Michigan Senate passes $20 billion School Aid budget bill

By Michigan Advance

May 16, 2024

BY KYLE DAVIDSON, MICHIGAN ADVANCE

MICHIGAN—The Democratic-led Michigan Senate has passed its version of the Fiscal Year 2025 state budget after voting on Wednesday the final bill in the proposal.

While the Senate passed the majority of its budget bills last week, and five additional bills yesterday, the School Aid Fund—Senate Bill 751—was the sole proposal left for a vote, passing the Senate along party lines in a 20-16 margin, with Sens. Ed McBroom (R-Vulcan) and John Damoose (R-Harbor Springs) excused from attendance.

Although Republicans offered a number of amendments, including proposals on cyber-school funding, school safety appropriations and incentives to institute no-phone policies, 12 of the 13 amendments proposed were defeated, with another withdrawn.

Democrats did adopt one amendment to the School Aid budget, offered by the bill’s sponsor, state Sen. Darrin Camilleri (D-Trenton), that clarified some of the language included in the bill.

The House approved its own $80.9 billion budget proposal on May 9. The proposal includes slightly more funding than Democratic Gov. Gretchen Whitmer’s proposed $80.7 billion budget. The Senate’s version of the budget totals more than $81.9 billion.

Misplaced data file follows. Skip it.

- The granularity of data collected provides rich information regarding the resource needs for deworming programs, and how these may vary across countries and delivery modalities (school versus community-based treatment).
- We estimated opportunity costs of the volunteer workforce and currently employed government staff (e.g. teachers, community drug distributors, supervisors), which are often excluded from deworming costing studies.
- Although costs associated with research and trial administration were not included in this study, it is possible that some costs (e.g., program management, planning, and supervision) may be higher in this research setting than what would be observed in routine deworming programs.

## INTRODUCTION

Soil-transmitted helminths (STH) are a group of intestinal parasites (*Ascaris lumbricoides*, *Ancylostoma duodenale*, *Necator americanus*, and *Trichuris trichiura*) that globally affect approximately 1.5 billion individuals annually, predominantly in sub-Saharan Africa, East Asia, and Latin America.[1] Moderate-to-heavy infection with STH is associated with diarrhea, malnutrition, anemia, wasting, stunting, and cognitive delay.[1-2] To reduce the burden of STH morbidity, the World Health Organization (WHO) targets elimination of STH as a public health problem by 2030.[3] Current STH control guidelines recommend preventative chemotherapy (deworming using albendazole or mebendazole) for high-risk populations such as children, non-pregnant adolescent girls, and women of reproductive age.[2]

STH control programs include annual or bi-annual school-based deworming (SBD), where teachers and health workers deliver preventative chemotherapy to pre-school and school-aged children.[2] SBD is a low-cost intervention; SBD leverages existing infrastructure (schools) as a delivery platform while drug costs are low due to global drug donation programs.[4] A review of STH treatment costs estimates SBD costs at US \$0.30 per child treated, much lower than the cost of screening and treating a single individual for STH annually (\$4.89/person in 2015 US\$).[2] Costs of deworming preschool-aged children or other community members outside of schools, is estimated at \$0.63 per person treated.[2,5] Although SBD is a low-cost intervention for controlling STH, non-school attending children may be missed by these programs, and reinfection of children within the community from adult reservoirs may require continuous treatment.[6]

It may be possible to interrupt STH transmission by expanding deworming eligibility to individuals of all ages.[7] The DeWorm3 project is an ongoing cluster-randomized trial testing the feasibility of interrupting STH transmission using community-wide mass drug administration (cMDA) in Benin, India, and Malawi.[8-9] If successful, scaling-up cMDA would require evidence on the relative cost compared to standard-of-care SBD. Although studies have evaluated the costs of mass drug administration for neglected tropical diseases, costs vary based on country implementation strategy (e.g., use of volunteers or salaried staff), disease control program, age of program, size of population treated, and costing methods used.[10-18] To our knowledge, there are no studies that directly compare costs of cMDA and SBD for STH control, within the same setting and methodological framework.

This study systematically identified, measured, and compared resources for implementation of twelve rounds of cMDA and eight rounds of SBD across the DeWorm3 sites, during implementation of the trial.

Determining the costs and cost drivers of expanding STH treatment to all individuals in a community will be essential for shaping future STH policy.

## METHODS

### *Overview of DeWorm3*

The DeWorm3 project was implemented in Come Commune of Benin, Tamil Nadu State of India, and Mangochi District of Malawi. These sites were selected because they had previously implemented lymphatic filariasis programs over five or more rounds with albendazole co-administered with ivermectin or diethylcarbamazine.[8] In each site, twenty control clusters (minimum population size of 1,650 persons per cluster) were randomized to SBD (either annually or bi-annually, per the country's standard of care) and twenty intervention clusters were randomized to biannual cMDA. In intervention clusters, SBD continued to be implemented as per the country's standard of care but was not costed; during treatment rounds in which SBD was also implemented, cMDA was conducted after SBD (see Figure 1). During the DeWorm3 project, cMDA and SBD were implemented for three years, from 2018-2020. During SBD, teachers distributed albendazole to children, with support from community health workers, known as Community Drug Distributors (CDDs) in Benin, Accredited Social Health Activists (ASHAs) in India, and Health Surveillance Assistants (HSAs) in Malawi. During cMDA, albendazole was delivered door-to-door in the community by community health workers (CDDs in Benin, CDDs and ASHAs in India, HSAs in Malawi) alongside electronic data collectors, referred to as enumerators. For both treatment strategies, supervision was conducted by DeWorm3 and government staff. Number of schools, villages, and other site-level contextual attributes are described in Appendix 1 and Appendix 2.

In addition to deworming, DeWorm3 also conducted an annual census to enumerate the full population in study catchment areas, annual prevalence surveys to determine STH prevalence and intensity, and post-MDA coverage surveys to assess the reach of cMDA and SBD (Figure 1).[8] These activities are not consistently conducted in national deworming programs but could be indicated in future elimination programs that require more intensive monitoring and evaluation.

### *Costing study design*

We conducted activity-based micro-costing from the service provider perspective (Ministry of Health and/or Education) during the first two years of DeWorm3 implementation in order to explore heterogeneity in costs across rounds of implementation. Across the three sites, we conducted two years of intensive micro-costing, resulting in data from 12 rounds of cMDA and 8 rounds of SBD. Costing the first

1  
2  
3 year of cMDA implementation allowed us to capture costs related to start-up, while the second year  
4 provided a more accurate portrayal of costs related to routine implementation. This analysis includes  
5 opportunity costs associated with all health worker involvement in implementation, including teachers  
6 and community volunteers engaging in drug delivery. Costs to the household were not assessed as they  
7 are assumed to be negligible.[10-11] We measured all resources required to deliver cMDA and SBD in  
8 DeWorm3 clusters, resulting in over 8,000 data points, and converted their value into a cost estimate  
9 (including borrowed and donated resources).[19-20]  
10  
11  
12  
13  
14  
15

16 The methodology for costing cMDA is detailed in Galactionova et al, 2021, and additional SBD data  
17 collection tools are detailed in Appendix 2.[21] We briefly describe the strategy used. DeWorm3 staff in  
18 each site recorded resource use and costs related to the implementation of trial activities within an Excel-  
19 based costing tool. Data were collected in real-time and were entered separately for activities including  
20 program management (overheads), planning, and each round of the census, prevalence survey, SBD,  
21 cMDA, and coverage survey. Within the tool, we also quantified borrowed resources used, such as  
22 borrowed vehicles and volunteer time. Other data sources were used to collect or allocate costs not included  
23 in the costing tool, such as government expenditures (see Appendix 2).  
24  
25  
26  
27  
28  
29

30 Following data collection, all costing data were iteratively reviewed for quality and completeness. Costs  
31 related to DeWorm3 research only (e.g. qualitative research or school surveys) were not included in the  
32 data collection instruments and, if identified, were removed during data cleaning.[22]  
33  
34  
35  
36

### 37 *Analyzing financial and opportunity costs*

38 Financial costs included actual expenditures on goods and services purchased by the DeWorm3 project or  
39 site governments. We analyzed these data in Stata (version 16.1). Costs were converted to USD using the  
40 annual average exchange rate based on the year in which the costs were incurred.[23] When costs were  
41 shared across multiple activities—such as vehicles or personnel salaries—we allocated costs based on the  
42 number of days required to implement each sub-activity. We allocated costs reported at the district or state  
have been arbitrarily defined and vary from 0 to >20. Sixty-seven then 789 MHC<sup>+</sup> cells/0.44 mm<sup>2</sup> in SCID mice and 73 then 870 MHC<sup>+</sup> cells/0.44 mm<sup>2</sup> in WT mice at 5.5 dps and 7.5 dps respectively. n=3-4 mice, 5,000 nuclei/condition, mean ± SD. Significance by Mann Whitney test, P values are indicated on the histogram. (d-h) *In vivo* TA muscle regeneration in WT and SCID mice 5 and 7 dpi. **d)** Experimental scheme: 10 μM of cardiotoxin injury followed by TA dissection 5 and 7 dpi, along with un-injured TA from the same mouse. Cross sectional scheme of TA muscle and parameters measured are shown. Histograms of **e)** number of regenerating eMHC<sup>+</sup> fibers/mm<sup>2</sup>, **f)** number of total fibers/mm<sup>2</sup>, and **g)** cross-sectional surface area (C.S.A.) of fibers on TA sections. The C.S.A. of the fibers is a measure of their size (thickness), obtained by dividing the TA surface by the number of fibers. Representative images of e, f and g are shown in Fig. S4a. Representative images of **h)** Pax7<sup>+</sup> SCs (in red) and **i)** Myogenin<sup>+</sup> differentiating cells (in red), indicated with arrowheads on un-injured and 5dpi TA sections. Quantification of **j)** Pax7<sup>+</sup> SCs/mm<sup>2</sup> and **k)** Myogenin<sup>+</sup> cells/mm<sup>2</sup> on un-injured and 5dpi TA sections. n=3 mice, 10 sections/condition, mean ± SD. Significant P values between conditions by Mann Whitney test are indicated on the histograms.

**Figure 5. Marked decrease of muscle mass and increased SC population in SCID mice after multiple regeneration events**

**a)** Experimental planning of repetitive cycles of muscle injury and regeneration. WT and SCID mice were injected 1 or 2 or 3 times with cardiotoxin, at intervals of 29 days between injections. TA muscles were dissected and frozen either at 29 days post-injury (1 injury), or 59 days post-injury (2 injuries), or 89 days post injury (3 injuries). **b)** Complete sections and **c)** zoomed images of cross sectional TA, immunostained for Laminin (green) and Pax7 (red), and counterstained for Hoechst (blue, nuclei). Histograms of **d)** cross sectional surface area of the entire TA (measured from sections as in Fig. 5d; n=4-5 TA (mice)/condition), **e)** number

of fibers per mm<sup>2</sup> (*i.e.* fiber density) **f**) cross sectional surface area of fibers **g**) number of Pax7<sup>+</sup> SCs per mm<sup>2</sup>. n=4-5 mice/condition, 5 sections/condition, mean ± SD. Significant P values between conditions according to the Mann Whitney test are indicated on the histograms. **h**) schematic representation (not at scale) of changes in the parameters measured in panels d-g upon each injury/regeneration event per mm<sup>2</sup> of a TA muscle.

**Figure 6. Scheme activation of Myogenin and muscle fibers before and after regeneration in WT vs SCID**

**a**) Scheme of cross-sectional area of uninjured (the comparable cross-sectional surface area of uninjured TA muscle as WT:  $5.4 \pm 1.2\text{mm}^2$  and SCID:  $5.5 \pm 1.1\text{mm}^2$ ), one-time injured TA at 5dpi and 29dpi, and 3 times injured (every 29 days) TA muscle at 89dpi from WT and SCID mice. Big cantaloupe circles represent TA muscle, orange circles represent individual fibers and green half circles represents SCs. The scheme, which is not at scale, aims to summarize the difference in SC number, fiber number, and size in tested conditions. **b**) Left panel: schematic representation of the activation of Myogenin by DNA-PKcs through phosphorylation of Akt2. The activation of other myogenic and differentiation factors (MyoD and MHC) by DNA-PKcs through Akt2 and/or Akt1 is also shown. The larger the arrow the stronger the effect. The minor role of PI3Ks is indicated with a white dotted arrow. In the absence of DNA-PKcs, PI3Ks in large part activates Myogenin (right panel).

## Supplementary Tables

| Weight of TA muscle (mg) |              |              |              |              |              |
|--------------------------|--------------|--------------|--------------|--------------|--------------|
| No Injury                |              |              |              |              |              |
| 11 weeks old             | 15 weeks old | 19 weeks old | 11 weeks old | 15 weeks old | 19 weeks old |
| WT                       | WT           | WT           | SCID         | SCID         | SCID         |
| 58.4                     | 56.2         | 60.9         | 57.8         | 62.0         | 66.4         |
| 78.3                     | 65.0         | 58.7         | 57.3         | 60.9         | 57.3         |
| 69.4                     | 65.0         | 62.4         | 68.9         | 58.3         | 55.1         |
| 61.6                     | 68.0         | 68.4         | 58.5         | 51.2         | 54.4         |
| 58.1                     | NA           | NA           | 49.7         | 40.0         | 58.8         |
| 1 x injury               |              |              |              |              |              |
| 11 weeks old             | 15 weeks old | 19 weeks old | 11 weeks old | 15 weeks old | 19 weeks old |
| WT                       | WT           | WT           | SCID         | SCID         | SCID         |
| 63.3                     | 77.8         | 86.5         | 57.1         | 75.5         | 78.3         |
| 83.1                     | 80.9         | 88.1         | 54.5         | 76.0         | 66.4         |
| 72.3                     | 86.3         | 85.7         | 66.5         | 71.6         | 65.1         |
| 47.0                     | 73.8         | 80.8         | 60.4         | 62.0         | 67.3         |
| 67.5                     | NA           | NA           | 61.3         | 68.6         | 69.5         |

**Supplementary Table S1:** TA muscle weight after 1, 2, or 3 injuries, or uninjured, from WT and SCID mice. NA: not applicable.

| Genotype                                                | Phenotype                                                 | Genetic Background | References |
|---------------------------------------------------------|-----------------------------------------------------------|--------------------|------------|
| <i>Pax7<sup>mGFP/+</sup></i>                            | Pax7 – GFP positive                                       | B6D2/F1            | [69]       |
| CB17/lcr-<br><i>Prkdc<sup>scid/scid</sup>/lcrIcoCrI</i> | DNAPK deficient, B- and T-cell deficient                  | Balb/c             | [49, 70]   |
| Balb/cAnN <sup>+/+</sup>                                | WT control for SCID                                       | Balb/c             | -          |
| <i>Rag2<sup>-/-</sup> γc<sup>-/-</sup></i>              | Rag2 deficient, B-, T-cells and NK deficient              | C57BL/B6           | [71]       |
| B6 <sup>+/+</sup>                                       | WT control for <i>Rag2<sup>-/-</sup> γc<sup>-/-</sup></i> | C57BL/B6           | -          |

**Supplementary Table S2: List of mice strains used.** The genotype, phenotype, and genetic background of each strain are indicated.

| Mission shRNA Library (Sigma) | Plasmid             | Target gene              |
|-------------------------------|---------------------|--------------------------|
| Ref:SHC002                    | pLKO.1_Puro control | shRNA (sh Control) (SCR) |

While Whitmer proposed roughly $20.6 billion for School Aid, the Senate Bills contain $20.3 billion in funding, compared to the $20.5 billion for School Aid passed by the House last week.

The Legislature has until July 1 to pass a new state budget; however there is no penalty if lawmakers fail to meet the deadline. The next fiscal year begins Oct. 1.

The Senate and House will negotiate the difference between their budget proposals in conference committee before the budget is returned for a final vote in both chambers before heading to the governor’s desk for her signature.

After the vote to pass the School Aid bill, Senate Minority Leader Aric Nesbitt (R-Porter Twp.) offered an explanation for his opposition to the budget bills passed by the Senate in recent weeks, with Sen. Kevin Daley (R-Lum) concurring.

Nesbitt accused Democrats of failing to help working families and properly support schools and infrastructure. He also criticized Democrats for blowing through the state’s $9.2 billion budget surplus which mostly consisted of federal funding from COVID-19 relief. The budget for Fiscal Year 2025 will draw from a $418 million surplus, as determined by the Consensus Revenue Estimating Conference scheduled on Friday.

“It took less than two years for this governor and this Democratic majority to break the bank, and they have nothing to show for it,” Nesbitt said. “Surprise, surprise, it takes more than corporate welfare and [Diversity Equity and Inclusion] training to improve our state’s economy.”

“This budget and the process the past year and a half has been an insult to taxpayers and a gigantic waste of their money. They deserve better,” Nesbitt said.